Lots of bands, lots of talk and this year's SXSW fest.
By Michael McCall
MARCH 30, 1998: Los Angeles rocker John Doe, sitting alone with his guitar on a small stage in the dining area of the Austin (Texas) Convention Center, told a shoulder-to-shoulder crowd that his visit to the annual South by Southwest (SXSW) music conference had inspired him to write a song. He then flashed a crooked smile, fiercely strummed his acoustic guitar, and began piling up short, punchy lines about the disposable quality of modern rock 'n' roll. His words built toward a climactic chorus "Too many goddamn bands!"
Doe repeated the line throughout the song, tagging it with a mad rush of a chant, "CDs and CDs and CDs and CDs and MORE CDs!" By the final chorus, the entire crowd--most of whom had been loaded up with a dozen or so free compact discs when they registered for SXSW--shouted the line along with him. The song was more than just a memorable rock 'n' roll moment. It sounded a rallying cry against the insanity currently running through the U.S. recording industry, which appears to be steaming along like a monstrous cruise ship ready to capsize at any moment.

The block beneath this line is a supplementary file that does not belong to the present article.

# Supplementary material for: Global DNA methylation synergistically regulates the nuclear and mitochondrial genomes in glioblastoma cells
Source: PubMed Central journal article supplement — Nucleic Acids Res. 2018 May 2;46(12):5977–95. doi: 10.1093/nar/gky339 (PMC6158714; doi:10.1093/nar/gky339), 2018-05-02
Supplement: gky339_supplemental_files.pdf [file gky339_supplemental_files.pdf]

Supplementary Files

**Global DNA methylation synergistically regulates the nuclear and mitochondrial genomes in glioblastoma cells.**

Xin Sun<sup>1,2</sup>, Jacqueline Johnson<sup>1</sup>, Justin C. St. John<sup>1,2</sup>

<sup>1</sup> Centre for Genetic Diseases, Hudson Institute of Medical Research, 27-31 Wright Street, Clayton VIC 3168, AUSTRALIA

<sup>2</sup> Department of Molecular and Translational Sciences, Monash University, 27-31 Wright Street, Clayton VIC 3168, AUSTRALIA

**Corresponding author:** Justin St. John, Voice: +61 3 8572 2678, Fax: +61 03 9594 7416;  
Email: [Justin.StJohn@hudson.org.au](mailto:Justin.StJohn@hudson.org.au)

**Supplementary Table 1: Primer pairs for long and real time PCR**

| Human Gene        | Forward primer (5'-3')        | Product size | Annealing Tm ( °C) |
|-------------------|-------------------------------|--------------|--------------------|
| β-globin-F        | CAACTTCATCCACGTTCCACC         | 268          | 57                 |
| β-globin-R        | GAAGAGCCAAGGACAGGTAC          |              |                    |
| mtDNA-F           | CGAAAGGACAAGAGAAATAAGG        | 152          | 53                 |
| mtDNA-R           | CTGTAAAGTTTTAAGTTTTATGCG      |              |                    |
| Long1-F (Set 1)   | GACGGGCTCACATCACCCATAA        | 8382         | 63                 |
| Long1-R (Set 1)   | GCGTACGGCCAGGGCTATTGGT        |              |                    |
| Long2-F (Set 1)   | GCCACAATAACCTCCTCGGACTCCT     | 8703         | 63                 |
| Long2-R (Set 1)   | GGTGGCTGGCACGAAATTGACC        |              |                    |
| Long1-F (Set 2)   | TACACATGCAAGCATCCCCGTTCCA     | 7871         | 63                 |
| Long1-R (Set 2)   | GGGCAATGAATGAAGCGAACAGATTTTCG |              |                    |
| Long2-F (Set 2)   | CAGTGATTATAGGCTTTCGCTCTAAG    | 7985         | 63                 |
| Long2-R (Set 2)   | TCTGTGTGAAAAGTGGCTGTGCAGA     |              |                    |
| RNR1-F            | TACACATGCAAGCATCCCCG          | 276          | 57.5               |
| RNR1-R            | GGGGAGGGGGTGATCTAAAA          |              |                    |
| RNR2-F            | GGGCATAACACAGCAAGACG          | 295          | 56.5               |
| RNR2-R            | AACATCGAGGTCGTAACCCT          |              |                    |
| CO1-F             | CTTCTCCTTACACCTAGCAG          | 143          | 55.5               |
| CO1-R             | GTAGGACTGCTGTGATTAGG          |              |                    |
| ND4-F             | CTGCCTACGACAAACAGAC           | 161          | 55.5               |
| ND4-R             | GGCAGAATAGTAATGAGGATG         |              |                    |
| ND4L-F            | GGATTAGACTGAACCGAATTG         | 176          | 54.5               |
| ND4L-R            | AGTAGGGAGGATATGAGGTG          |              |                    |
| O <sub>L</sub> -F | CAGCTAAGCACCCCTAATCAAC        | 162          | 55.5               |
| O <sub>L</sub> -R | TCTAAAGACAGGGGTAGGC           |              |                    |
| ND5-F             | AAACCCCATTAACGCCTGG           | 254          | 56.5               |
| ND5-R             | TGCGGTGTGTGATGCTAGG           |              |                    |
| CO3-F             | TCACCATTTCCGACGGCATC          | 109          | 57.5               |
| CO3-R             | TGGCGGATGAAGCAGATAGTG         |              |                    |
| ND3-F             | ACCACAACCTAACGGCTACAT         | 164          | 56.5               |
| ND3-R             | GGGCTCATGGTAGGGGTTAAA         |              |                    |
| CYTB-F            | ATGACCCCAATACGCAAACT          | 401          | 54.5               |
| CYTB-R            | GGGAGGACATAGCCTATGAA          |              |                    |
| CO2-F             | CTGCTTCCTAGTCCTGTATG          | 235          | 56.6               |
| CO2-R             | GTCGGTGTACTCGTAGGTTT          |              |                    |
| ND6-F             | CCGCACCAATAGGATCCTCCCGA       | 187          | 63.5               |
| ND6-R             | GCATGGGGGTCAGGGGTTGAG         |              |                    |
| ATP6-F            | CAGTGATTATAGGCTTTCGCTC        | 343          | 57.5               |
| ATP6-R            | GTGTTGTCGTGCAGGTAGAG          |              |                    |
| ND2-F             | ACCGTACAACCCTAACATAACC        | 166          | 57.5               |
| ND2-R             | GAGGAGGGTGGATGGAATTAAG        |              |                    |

"Too Many Goddamn Bands" also summed up the theme of many of the panels and speeches that were delivered during the annual music-industry gathering. CD sales are declining, yet record companies spend more money each year producing more albums than ever. "As an industry, we have to recognize that we're flooding the market with more music than it could ever handle," said Joe Fleischer, vice president of Hits magazine and moderator of the convention-opening artists-and-repertoire panel. "We need to record fewer artists, and we need to give more concentrated attention to those records we do put out."